Small Business

Want To Switch Banks? Here's What You Need To Know


David Meinert, owner of several Seattle businesses, including 5-Point Cafe, Big Mario's Pizza and Onto Entertainment, recently switched his business accounts from Bank of America and Chase to Seattle Bank. He says many small-business owners he knows are following his lead -- they have also been wanting to make a move but were just waiting for someone to point them to a good local alternative. So if you're fed up with the big guys and ready to transfer to a small bank or credit union, how do you find the right one? Attorney, author and small-business advocate Barbara Weltman provides these tips for a smooth transition:

Get referrals. Not all small, local, regional, community banks are created equal. Ask your circle of friends and associates for referrals. "Just as you would for finding a good doctor, lawyer or insurance agent, you have to ask around to find a good banker," Weltman says.

Beyond your immediate circle, be sure to also ask around at networking events. It helps that small banks are out there looking for you, too. "I've met a number of small-business bankers at local networking events," Weltman says. "They want new customers."

Research the fees. "Let's face it -- banks have to make money, so you're going to have to pay one way or the other," says Weltman. "Obviously, there are monthly costs you want to assess -- checking fees, check cashing fees, ATM fees, payroll deposit fees, direct deposit for employee payroll checks, business credit cards. They have a complete menu of banking services. You want to know exactly what it's going to cost you." Also, if you're planning on joining a credit union, ask whether they charge membership fees.

Ask about small-business programs. "A lot of banks want to attract small business with special features," Weltman says. Ask about low fee or no fee checking.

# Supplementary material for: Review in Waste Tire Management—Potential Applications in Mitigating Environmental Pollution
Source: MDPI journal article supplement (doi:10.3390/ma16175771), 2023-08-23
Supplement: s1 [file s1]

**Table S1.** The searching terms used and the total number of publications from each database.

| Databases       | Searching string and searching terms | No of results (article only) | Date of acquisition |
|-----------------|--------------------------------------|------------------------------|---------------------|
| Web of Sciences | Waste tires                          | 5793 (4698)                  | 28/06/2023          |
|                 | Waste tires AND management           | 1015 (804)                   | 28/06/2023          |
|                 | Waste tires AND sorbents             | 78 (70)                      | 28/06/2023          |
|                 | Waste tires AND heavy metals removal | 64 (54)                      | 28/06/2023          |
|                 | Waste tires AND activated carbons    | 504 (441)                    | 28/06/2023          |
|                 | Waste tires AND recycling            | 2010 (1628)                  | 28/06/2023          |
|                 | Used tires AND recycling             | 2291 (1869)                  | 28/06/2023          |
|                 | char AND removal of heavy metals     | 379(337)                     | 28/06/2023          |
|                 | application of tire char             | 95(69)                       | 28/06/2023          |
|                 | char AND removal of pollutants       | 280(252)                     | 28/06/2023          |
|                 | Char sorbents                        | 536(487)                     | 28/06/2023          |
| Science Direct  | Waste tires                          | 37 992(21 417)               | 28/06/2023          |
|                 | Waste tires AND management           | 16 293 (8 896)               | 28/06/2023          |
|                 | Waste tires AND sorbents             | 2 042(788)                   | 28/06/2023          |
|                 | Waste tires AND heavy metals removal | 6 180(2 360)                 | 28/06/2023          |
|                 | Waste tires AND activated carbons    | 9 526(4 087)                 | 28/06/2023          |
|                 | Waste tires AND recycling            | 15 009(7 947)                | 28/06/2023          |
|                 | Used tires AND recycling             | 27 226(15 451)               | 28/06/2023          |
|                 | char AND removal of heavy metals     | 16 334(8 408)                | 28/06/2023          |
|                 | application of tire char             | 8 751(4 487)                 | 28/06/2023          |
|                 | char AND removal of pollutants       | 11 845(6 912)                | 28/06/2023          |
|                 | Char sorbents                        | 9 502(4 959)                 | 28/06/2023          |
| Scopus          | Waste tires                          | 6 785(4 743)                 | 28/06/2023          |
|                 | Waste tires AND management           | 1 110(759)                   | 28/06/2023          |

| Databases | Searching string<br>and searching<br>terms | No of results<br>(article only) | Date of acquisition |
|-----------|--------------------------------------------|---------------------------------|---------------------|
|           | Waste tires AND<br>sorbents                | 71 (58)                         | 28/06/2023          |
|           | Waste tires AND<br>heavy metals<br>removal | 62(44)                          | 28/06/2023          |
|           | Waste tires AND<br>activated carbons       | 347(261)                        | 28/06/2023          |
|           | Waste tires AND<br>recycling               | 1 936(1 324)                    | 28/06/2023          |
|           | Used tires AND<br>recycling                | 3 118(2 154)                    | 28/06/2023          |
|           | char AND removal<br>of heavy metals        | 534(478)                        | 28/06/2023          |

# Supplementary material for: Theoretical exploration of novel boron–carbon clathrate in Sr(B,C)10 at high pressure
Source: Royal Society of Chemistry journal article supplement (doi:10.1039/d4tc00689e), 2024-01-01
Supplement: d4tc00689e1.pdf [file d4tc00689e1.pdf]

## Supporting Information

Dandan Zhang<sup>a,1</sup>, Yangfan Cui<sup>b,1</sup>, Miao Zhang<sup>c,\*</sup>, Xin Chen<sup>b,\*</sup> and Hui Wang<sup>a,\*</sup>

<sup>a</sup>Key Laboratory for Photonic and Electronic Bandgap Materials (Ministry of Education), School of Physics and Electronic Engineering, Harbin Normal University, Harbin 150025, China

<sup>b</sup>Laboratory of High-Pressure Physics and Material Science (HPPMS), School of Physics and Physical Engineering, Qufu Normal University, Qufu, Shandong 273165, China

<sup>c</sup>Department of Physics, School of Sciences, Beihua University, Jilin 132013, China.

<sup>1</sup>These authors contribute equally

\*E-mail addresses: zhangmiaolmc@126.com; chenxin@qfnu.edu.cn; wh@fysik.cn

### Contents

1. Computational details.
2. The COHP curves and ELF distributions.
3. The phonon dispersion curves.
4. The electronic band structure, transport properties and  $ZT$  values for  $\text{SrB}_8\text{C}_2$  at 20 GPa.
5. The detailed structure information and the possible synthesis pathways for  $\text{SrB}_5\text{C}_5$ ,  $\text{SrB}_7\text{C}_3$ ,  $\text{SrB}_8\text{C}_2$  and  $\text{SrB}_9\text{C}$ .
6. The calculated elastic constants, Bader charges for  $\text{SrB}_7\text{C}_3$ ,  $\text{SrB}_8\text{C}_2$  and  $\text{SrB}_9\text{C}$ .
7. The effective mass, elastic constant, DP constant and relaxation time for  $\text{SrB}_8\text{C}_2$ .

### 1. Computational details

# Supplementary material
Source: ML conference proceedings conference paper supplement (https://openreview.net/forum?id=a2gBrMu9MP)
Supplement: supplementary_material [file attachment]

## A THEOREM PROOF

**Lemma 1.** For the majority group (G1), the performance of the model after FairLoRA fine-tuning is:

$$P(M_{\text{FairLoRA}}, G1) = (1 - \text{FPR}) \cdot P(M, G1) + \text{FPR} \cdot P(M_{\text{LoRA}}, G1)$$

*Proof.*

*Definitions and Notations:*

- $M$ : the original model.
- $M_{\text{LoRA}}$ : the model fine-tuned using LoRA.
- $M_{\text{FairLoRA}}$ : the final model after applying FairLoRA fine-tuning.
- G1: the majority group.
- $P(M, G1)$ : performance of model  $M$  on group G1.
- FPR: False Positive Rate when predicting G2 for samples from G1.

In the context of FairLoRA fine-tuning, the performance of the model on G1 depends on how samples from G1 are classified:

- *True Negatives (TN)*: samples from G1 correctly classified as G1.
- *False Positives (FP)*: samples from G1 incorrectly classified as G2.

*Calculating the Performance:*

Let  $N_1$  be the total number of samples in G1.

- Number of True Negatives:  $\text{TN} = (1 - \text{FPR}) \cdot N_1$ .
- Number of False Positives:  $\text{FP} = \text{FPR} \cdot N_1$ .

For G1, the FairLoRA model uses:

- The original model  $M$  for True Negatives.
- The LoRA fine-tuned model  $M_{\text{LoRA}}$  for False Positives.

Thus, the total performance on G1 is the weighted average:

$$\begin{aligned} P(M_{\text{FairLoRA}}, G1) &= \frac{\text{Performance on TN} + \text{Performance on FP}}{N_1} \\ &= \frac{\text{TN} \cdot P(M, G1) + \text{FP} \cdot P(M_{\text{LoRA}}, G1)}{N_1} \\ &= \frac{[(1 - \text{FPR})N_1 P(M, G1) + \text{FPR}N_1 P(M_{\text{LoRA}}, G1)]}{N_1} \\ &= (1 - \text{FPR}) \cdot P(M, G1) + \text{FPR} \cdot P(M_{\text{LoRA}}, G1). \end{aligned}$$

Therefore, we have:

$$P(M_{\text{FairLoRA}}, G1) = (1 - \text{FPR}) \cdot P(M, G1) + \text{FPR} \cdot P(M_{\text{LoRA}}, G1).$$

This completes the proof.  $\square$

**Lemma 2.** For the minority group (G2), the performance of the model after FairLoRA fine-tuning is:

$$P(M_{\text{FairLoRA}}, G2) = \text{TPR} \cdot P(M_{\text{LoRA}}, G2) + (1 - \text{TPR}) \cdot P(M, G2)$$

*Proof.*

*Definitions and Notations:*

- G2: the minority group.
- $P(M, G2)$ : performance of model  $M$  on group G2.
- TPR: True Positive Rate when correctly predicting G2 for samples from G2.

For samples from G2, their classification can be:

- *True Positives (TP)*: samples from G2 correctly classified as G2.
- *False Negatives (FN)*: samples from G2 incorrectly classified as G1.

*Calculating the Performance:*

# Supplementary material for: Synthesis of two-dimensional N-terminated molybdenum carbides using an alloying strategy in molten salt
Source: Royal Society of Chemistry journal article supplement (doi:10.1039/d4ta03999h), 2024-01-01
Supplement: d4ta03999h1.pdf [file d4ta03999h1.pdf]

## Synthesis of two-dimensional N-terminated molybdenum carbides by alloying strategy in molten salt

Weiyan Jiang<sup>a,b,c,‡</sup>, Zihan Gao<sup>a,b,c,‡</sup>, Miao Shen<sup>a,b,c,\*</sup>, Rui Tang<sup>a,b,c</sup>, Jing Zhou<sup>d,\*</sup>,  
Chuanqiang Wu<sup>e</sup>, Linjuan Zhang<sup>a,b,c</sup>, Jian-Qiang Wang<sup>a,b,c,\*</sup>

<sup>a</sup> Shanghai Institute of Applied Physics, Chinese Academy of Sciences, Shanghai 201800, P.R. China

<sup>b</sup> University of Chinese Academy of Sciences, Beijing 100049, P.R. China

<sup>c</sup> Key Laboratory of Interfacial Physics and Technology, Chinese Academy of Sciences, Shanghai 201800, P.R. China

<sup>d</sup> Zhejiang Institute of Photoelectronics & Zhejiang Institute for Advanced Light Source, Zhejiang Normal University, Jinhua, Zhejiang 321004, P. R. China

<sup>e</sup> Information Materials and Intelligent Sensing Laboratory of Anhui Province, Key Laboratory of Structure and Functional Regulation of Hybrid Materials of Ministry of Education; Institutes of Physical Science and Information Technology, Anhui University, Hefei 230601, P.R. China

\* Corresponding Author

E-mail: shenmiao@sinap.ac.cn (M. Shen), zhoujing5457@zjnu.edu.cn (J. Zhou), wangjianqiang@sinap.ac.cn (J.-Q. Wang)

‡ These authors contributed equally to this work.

Communicate and negotiate. "If the reason you're moving is access to credit, it's better to have that talk upfront and to come clean for the reason you're making the change and share some financial information, to be sure it's really going to happen," says Weltman. The good news: "Because the small banks and community banks are more interpersonal, a lot of these features are more negotiable," she adds. "Ask 'what can you do for me?'"

Visit in person. Though a lot can be done online, Weltman says, "I'm old-fashioned. I think pressing the flesh makes a difference." Also, remember that one of the major benefits of banking with a small bank is the opportunity to have a personal relationship, so seeing how you click with the banker should be an important consideration.

Be patient. As tempting as it may be to stage a quick exodus from a big bank to send a message, making the switch may not be as simple as closing a Netflix account. Weltman says the actual changeover may take about three months or at least two checking statements. "Make sure outstanding checks have cleared," she says."It may take a while. It's not so much that it's complicated -- it's just a matter of making sure everything has cleared before you close up the old accounts." As a result, she warns you may have to pay duplicate fees for any period of overlap.

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